The big sell-off in the stock markets on Monday, February 5 was unusual but not unprecedented nor unexpected in percentage terms. The S&P 500 Index lost 4.1% on that day. A Page 1 article in the Wall Street Journal on the next day titled “What Should We Make of the Stock Price Drop” contained information about the frequency of large selloff’s. Here is a link to the article:
In a chart, the article shows that we get a movement (up or down) of 4% or greater about 0.6% of the time, which is about 1 trading day per year. In statistical terms, Monday’s 4.1% drop was a between 2 and 3 standard deviation event: 3 standard deviations mean some result is expected 99.7% of the time, so the 4.1% sell of wasn’t quite a 3 standard deviation event, but almost. This is based on actual data since 1964. So, you would expect not to have another 4.1% or greater move this year, if past performance is an accurate indicator. Or is it?
Author Nassim Nicholas Taleb would question whether you can rely on the statistics of the past to see what the future might be like. Taleb is famous for pointing out the concept of Fat Tails, which implies that unusual events like February 5 are really not that unusual. Weird stuff happens more frequently than you think, according to Taleb. Expect and prepare for weird stuff.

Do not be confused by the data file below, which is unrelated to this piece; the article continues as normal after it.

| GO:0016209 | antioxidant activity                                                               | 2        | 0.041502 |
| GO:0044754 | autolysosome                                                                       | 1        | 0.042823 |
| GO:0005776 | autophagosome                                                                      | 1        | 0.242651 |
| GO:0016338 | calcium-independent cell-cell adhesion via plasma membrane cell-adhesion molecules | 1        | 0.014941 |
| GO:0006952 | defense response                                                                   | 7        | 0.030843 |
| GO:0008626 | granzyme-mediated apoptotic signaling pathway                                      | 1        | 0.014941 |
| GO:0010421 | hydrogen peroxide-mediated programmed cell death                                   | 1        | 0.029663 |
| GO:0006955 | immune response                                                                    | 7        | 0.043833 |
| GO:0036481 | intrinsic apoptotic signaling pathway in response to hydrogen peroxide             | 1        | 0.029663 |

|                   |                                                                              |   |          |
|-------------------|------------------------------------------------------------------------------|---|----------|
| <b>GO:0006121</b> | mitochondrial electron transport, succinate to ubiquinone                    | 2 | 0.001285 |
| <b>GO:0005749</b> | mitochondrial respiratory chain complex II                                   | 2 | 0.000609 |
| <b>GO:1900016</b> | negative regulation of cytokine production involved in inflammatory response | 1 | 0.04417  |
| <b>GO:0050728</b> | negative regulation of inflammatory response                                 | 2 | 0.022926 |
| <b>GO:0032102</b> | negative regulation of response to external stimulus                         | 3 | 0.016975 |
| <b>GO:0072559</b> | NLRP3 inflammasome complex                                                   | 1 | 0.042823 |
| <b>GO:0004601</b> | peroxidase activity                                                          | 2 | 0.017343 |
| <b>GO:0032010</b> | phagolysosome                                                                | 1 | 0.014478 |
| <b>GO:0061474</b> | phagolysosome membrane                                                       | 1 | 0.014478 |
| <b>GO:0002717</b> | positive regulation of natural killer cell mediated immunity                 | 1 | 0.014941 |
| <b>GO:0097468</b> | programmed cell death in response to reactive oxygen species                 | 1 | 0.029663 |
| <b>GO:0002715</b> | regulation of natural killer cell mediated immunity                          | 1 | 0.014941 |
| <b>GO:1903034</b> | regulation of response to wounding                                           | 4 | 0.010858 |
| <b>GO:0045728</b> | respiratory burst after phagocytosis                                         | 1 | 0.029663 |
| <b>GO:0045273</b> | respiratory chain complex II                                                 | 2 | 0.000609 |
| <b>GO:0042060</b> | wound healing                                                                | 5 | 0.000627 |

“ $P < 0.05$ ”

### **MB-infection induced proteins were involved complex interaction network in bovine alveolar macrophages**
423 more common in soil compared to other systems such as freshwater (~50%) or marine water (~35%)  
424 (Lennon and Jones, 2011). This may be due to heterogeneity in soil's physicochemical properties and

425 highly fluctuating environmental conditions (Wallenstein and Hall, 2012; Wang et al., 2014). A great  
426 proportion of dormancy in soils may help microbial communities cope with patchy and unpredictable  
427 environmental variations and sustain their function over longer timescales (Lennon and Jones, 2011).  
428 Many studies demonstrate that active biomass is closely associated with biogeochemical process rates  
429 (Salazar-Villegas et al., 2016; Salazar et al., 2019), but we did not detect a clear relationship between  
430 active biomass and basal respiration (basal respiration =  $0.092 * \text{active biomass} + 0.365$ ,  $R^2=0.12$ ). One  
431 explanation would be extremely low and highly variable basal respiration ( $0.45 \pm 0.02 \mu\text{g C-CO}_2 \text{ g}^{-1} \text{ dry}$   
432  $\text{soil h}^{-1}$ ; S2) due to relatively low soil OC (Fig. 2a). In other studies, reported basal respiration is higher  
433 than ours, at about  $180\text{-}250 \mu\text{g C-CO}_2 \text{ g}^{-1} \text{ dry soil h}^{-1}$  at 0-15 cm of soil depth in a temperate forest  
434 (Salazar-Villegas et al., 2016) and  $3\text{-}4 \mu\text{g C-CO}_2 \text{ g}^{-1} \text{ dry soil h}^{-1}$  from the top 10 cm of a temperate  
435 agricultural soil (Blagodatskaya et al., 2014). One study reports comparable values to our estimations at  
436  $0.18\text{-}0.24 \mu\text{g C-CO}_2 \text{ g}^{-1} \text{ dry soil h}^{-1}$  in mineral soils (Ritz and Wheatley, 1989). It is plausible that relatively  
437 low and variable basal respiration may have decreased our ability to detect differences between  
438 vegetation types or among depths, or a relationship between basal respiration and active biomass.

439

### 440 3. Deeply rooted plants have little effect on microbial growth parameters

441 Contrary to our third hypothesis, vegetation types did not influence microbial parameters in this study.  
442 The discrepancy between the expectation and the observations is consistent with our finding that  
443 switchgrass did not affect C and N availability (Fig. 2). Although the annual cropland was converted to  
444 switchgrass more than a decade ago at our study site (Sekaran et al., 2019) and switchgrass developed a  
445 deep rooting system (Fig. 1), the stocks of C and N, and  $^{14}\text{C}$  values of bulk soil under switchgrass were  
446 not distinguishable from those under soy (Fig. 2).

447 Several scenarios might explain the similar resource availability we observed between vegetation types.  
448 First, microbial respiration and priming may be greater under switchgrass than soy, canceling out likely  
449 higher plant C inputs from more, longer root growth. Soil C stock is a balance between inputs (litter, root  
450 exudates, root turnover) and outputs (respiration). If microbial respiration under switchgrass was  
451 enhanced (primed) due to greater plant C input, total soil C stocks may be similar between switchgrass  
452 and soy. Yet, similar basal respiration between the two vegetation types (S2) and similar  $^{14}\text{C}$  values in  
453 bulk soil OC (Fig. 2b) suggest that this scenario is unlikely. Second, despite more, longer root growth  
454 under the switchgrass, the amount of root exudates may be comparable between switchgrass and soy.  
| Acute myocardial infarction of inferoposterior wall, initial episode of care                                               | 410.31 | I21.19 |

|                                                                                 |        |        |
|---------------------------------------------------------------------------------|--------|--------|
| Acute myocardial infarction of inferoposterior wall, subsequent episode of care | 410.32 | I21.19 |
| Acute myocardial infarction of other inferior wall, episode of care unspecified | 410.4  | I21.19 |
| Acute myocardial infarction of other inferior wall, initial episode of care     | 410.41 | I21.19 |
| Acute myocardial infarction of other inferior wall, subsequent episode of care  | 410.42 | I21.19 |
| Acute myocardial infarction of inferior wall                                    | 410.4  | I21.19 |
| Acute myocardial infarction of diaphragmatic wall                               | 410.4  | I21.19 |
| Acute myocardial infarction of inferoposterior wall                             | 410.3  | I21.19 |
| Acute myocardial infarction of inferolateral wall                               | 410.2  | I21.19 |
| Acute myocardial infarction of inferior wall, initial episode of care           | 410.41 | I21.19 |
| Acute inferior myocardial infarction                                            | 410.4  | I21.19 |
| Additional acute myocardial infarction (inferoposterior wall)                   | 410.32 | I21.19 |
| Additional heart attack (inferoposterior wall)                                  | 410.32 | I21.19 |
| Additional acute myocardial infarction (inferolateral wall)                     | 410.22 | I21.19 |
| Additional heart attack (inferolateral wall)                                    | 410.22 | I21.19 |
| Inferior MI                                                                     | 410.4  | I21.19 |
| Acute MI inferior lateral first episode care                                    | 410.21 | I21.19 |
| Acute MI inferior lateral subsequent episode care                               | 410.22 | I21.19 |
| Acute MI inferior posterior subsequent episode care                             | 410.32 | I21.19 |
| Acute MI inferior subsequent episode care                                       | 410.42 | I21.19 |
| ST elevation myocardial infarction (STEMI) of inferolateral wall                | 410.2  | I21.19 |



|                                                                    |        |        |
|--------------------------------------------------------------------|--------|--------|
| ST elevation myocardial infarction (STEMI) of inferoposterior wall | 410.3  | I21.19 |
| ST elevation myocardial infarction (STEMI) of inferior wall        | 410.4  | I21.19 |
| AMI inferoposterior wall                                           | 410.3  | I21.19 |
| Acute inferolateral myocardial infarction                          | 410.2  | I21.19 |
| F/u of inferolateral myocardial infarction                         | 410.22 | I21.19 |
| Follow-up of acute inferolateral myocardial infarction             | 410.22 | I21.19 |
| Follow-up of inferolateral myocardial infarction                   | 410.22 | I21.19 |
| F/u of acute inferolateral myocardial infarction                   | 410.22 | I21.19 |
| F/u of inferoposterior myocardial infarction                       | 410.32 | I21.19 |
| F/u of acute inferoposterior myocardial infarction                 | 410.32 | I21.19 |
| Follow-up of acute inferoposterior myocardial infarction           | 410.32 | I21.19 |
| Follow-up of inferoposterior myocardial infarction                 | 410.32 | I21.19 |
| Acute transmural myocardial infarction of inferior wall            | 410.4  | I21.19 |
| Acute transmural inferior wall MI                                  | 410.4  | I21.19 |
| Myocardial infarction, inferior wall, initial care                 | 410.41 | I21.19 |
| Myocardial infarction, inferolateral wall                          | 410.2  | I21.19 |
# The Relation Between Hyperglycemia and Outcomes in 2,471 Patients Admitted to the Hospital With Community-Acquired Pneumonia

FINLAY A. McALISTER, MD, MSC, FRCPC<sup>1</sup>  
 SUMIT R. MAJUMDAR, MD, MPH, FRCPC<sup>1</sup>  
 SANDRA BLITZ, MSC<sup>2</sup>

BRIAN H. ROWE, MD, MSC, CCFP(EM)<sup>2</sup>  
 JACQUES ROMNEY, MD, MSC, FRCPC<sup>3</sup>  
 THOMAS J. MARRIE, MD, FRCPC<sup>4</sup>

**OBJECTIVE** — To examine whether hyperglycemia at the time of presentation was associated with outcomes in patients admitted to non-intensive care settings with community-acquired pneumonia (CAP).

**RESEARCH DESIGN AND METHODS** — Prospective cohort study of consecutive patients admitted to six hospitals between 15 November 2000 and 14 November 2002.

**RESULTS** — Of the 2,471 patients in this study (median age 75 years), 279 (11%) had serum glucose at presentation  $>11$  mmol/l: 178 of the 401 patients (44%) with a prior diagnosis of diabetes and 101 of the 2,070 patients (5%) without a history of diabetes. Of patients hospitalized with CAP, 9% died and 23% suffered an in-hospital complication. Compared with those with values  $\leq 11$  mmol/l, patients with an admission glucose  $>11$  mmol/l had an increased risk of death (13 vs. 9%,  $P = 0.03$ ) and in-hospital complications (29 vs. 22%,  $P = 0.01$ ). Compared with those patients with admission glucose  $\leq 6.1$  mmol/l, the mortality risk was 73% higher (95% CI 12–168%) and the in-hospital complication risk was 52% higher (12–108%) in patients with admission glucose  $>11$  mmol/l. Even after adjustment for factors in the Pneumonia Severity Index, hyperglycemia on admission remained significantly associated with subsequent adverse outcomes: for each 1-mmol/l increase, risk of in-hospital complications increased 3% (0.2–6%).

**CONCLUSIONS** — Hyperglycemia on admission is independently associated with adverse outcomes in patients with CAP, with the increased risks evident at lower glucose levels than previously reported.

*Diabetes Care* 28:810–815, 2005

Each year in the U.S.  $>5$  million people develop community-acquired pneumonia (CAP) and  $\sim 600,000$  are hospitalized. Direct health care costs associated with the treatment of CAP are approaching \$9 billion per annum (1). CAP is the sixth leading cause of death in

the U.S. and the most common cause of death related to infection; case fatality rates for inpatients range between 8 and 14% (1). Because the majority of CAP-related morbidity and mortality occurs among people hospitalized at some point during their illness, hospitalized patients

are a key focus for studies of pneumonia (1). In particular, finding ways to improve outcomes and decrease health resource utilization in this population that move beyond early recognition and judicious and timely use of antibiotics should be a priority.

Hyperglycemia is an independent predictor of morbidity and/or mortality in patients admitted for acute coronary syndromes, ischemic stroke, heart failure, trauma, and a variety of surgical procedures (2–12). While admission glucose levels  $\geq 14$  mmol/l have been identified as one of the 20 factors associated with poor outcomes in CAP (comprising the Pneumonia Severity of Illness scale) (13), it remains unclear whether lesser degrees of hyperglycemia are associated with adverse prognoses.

In a different WSJ article, also on February 6, a reporter asked former US Secretary of State Henry Kissinger for advice about writing a column about foreign affairs. Kissinger’s advice was one word: “Context”. That applies to the stock market, as well. Noting that the market has moved 4% or greater in a day about 1 trading day per year is useful as a context for the February 5 move. However, it doesn’t mean that we won’t have more frequent 4% moves in the future – just that they have happened only every so often in the past.
How to Prepare
Most investors made it through Monday’s selloff and lived. Only those that were heavily into shorting market volatility got really burned, but that’s an esoteric side of the trading universe. There will likely be more bumps along the way to hopeful recovery. I don’t think it is necessary to bubble-wrap your portfolio to prepare for every eventuality. That said, portfolios that were well-diversified among different asset classes (stocks, bonds, foreign, commodities, real estate) fared better as a whole during the selloff than did stocks-only portfolios. I believe it is best to prepare for 3 Sigma or fat tail events by being well diversified. Why is that? Because investors who sell an asset in a crisis move the money that they got from selling into another asset in another asset class that they perceive as being safer. Collectively, as many investors do the same thing, the price of that new asset will go up due to supply and demand.
The amount of the decline – 1,175 points on the Dow – got the headlines, but 4.1% is really not that unusual. When you get to the nosebleed section, a 4.1% fall seems like a really big fall, and you fall a long way. Don’t let the decline scare you away. The road can be bumpy. The flight can be turbulent. Use any metaphor you want. It is best to stay in the car or on the plane. Keep going. Stay invested. Stay diversified, and you will hopefully achieve your financial goals.